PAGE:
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Regex, what is wrong

Hello, what is wrong with this code, I want to divide string to pieces 4
chars length.

string tekst = "divide string to 4 chars pieces";
Regex regex = new Regex("(.{1,4})");
string[] substrings = regex.Split(tekst);

but instead of array with:
"divi","de s","trin" etc..
i have
"","divi","","de s","","trin", etc..

What is wrong?
Sep 8 '08 #1
8 1238
ad******@antyspam.pl wrote:
Hello, what is wrong with this code, I want to divide string to pieces 4
chars length.

string tekst = "divide string to 4 chars pieces";
Regex regex = new Regex("(.{1,4})");
string[] substrings = regex.Split(tekst);

but instead of array with:
"divi","de s","trin" etc..
i have
"","divi","","de s","","trin", etc..

What is wrong?
There is nothing wrong. You are splitting the string with four
characters as separator. That means that the first separator is found at
the first character, the second separator is found at the fifth
character, and so on. All you find in the string is separators, and no
text between them.

The result is the text separated by the separators, and the separators
between them. As the separator matches anything, the strings separated
by the separators all become empty strings.

It's similar to doing this:

",,,".Split(',')

the result would be an array with four empty strings, as the string only
consists of separators.

--
Göran Andersson
_____
http://www.guffa.com
Sep 8 '08 #2
Göran Andersson pisze:
There is nothing wrong. You are splitting the string with four
characters as separator. That means that the first separator is found at
[cut]
the result would be an array with four empty strings, as the string only
consists of separators.
Thanks.

So, is there any way to split string into numbered pieces by using Regex
, instead of using Substring etc...? There is no String.Split(Int) in
framework
Sep 8 '08 #3
Why not just use Substring? For example (in this case using C# 3.0
extension methods, but would work just as well without them...):

Marc

using System;
using System.Collections.Generic;
using System.Linq;
static class Program
{
static void Main()
{

string test = "divide string to 4 chars pieces";
foreach (string s in test.Split(4))
{
Console.WriteLine(s);
}
// or alternatively...
string[] split = test.Split(4).ToArray();
}
public static IEnumerable<stringSplit(this string value, int size)
{
int offset = 0, remaining = value.Length;
while (remaining >= size)
{
yield return value.Substring(offset, size);
offset += size;
remaining -= size;
}
if (remaining 0) yield return value.Substring(offset);
}
}
Sep 8 '08 #4
you might want to add:

if (value == null) throw new ArgumentNullException("value");
if (size <= 0) throw new ArgumentOutOfRangeException("size",
"Size must be positive");
Sep 8 '08 #5
Marc Gravell pisze:
Why not just use Substring?
Because i don't want :) , i'm curious how to do it with Regex.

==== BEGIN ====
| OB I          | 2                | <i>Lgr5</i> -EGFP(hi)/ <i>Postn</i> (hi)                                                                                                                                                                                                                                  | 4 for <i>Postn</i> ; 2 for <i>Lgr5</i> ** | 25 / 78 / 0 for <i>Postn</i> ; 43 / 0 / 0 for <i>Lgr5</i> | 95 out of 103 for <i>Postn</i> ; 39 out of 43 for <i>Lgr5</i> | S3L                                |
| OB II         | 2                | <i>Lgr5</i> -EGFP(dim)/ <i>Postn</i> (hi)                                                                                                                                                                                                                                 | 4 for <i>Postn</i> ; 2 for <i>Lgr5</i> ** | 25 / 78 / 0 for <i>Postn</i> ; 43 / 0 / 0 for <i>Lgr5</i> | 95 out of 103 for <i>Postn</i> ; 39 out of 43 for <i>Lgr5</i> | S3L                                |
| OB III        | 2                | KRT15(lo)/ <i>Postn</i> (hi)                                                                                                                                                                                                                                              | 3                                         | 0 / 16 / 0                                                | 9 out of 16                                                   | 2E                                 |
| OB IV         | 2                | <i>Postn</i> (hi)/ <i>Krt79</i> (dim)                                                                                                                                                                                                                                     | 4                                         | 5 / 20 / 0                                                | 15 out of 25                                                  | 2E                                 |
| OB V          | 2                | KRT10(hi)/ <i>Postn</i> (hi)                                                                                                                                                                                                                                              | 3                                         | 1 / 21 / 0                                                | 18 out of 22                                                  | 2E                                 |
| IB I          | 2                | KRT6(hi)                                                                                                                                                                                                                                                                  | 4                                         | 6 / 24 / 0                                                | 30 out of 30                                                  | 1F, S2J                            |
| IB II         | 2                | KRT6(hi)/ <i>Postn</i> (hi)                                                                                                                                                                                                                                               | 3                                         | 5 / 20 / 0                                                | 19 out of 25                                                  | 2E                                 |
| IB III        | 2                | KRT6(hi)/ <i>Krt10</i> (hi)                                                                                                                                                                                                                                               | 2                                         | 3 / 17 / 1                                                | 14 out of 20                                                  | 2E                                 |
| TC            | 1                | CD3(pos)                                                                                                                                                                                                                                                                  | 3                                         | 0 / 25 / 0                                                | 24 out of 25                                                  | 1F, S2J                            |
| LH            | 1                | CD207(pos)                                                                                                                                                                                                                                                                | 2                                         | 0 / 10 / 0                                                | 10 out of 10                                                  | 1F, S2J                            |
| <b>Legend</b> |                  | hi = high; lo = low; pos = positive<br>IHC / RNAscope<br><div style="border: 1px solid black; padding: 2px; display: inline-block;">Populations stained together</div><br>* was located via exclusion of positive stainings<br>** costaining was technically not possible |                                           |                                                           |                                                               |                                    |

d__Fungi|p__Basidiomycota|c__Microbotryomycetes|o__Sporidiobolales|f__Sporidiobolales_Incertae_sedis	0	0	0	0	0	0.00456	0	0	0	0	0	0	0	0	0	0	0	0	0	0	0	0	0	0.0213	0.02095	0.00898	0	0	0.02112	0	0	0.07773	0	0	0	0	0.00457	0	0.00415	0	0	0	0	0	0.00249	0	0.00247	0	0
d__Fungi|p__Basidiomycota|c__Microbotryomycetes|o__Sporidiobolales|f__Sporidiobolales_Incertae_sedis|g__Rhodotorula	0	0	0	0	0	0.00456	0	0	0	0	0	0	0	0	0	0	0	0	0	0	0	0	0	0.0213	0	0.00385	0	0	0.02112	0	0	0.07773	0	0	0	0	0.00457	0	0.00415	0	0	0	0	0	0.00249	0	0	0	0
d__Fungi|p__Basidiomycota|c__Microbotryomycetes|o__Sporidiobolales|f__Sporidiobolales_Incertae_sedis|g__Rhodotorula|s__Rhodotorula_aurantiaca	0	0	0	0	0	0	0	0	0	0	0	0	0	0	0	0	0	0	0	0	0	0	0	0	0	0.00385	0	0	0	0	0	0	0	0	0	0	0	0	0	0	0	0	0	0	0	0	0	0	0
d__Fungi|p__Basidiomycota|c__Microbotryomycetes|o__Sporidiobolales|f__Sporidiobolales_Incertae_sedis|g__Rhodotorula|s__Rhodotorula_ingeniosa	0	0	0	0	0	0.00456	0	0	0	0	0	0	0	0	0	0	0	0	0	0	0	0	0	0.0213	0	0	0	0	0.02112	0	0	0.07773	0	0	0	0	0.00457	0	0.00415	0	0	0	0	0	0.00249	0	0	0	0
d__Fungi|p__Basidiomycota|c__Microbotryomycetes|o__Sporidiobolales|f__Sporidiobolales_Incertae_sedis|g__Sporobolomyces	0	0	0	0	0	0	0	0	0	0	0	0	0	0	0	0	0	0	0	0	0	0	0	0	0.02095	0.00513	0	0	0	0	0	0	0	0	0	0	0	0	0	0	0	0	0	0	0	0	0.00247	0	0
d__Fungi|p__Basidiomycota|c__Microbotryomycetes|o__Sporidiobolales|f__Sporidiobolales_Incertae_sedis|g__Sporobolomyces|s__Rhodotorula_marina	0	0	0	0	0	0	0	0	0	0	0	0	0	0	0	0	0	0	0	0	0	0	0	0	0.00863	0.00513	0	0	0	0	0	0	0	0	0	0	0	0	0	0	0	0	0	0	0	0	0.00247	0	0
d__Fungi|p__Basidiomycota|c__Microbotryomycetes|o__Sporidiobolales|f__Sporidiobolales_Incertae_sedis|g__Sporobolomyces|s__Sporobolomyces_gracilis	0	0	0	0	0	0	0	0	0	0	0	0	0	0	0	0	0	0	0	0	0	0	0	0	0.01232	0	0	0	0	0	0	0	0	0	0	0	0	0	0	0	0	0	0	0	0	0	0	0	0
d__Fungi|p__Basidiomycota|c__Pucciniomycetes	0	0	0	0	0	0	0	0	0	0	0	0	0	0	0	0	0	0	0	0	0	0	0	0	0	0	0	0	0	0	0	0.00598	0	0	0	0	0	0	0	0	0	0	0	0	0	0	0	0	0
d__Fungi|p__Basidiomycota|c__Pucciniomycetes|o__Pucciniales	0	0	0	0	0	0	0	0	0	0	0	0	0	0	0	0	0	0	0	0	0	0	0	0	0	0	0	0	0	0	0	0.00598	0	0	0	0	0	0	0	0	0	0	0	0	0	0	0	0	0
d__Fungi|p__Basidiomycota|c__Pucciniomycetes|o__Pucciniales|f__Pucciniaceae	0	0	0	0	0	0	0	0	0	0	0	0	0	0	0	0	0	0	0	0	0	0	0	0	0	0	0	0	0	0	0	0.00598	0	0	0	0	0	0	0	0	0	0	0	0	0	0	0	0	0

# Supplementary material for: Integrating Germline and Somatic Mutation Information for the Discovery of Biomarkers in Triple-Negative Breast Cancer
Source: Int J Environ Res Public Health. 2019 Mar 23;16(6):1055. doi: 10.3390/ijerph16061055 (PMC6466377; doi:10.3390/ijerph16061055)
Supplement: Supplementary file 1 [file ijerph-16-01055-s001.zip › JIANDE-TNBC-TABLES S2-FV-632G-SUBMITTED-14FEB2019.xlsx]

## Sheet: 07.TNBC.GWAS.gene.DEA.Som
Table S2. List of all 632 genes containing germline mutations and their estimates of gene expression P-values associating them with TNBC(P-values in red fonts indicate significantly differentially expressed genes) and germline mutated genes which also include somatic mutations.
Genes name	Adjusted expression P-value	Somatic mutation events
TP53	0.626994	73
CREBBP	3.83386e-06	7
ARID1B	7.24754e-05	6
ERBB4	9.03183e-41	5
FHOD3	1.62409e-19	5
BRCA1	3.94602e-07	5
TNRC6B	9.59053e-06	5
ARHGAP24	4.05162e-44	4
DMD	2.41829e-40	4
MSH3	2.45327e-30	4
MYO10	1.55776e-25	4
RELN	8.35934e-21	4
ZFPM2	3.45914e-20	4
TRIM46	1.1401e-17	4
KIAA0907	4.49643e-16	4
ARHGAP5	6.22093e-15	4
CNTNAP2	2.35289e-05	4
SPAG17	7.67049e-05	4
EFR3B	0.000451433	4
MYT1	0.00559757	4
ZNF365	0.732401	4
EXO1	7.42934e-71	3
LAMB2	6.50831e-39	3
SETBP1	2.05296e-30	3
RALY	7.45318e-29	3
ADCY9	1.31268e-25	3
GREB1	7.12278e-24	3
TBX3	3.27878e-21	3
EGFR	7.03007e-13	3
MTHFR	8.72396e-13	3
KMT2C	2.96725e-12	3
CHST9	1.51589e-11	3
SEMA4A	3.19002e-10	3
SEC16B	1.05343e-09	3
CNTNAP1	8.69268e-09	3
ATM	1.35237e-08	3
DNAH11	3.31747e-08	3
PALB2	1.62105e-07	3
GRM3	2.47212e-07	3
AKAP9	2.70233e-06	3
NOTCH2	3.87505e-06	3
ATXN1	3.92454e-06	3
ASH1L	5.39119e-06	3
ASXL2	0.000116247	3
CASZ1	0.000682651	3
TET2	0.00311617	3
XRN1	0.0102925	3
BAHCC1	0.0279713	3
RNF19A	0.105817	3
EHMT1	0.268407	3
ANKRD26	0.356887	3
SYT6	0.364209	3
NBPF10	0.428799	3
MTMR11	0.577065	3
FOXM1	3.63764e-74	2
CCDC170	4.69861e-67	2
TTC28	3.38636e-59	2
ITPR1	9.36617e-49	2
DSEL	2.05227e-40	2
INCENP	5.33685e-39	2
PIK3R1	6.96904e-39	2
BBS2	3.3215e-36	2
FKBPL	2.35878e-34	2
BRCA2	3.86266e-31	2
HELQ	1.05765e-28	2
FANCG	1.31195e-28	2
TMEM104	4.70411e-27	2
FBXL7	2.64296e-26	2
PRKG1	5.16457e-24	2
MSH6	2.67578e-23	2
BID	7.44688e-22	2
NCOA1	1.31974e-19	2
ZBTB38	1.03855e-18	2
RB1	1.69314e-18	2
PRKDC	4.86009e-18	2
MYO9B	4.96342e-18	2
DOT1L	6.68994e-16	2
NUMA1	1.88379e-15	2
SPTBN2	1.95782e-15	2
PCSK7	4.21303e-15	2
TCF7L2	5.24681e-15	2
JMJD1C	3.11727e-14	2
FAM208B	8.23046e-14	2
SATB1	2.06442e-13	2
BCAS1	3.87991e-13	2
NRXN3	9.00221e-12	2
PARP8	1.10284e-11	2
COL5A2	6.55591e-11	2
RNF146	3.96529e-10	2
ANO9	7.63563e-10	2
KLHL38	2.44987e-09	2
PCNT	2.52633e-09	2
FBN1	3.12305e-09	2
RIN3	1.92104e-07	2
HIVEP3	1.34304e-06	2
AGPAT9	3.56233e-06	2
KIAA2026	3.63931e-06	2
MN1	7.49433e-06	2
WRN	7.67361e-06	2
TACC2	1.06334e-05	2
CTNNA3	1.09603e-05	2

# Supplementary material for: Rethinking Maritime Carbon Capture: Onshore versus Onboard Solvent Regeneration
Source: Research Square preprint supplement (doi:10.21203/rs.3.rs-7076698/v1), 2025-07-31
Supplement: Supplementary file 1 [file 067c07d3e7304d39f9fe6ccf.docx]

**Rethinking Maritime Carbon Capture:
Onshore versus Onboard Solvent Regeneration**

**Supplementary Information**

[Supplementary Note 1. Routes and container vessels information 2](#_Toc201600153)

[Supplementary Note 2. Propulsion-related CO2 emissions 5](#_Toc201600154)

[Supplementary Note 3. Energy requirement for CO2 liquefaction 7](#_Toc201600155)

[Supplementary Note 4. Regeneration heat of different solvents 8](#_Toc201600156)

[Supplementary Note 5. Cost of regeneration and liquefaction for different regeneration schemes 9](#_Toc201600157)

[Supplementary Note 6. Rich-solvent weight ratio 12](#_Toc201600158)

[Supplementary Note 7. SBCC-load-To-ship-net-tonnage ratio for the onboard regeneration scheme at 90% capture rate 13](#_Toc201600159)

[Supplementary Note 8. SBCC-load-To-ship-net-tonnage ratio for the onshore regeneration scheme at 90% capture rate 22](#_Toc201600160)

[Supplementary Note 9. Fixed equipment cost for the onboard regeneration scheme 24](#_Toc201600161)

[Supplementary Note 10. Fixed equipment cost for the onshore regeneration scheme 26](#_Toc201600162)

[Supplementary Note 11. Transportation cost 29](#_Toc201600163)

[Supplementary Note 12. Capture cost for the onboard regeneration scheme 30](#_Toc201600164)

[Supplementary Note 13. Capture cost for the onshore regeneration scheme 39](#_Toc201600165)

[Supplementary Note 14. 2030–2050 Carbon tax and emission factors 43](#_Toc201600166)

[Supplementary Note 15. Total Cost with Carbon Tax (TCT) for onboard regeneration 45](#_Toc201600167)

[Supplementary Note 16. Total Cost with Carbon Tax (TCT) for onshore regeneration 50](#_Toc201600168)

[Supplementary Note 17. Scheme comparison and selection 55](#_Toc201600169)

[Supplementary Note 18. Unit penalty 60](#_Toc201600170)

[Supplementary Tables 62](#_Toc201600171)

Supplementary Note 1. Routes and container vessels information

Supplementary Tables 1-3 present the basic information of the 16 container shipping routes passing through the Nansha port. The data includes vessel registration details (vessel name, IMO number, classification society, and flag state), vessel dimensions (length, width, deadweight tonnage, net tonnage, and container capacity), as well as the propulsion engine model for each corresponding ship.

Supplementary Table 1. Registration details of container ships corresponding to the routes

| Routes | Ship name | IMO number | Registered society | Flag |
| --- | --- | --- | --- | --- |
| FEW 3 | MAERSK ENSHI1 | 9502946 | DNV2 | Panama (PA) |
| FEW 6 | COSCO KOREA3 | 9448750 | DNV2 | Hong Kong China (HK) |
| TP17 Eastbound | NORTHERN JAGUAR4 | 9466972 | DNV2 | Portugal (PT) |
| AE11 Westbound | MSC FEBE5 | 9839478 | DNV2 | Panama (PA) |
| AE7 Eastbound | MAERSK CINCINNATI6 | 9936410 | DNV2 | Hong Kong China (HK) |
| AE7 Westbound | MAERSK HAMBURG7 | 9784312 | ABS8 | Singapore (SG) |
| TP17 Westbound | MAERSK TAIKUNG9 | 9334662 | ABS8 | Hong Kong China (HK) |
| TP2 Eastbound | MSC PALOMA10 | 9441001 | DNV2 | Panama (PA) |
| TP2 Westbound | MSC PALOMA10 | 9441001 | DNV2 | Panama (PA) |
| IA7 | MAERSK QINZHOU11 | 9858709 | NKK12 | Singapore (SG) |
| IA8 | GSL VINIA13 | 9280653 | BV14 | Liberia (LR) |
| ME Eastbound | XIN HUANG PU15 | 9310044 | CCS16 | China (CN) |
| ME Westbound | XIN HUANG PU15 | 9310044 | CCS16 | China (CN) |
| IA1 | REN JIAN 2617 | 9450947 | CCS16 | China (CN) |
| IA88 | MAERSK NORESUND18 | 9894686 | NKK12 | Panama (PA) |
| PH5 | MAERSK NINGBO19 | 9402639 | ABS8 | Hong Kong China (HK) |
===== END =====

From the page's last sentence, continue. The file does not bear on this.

Sep 8 '08 #6
Hi Mark.

Not to want to be picky or anything but to make this code more robust
I think you will also need to account for Unicode strings that are not
normalized.

For example, things like combining marks such as Unicode code point U
+00E0 (http://www.fileformat.info/info/unic...00e0/index.htm)
that can also be represented as U+0061 U+0300.

Simply splitting the string may yield unexpected results.

I have no doubt that you already knew this and that the sample you
posted is just to illustrate your point but I thought I would just
point the issue out so that the original poster is aware of it (in
case he/she is not already).

Of course, I may be totally wrong about what I my comment so if that
is the case just ignore me!!!!

Cheers.


On Sep 8, 5:05*am, Marc Gravell <marc.grav...@gmail.comwrote:
Why not just use Substring? For example (in this case using C# 3.0
extension methods, but would work just as well without them...):

Marc

using System;
using System.Collections.Generic;
using System.Linq;
static class Program
{
* * *static void Main()
* * *{

* * * * *string test = "divide string to 4 chars pieces";
* * * * *foreach (string s in test.Split(4))
* * * * *{
* * * * * * *Console.WriteLine(s);
* * * * *}
* * * * *// or alternatively...
* * * * *string[] split = test.Split(4).ToArray();
* * *}
* * *public static IEnumerable<stringSplit(this string value, intsize)
* * *{
* * * * *int offset = 0, remaining = value.Length;
* * * * *while (remaining >= size)
* * * * *{
* * * * * * *yield return value.Substring(offset, size);
* * * * * * *offset += size;
* * * * * * *remaining -= size;
* * * * *}
* * * * *if (remaining 0) yield return value.Substring(offset);
* * *}

}- Hide quoted text -

- Show quoted text -
Sep 8 '08 #7
ad******@antyspam.pl wrote:
Marc Gravell pisze:
>Why not just use Substring?

Because i don't want :) , i'm curious how to do it with Regex.
Then use Match instead of Split.
Sep 8 '08 #8
but to make this code more robust
I think you will also need to account for Unicode strings that are not
normalized.
A fair point - but this same problem will affect most simple
mechanisms to split the string (including the original regex, it would
seem).

Marc
Sep 9 '08 #9

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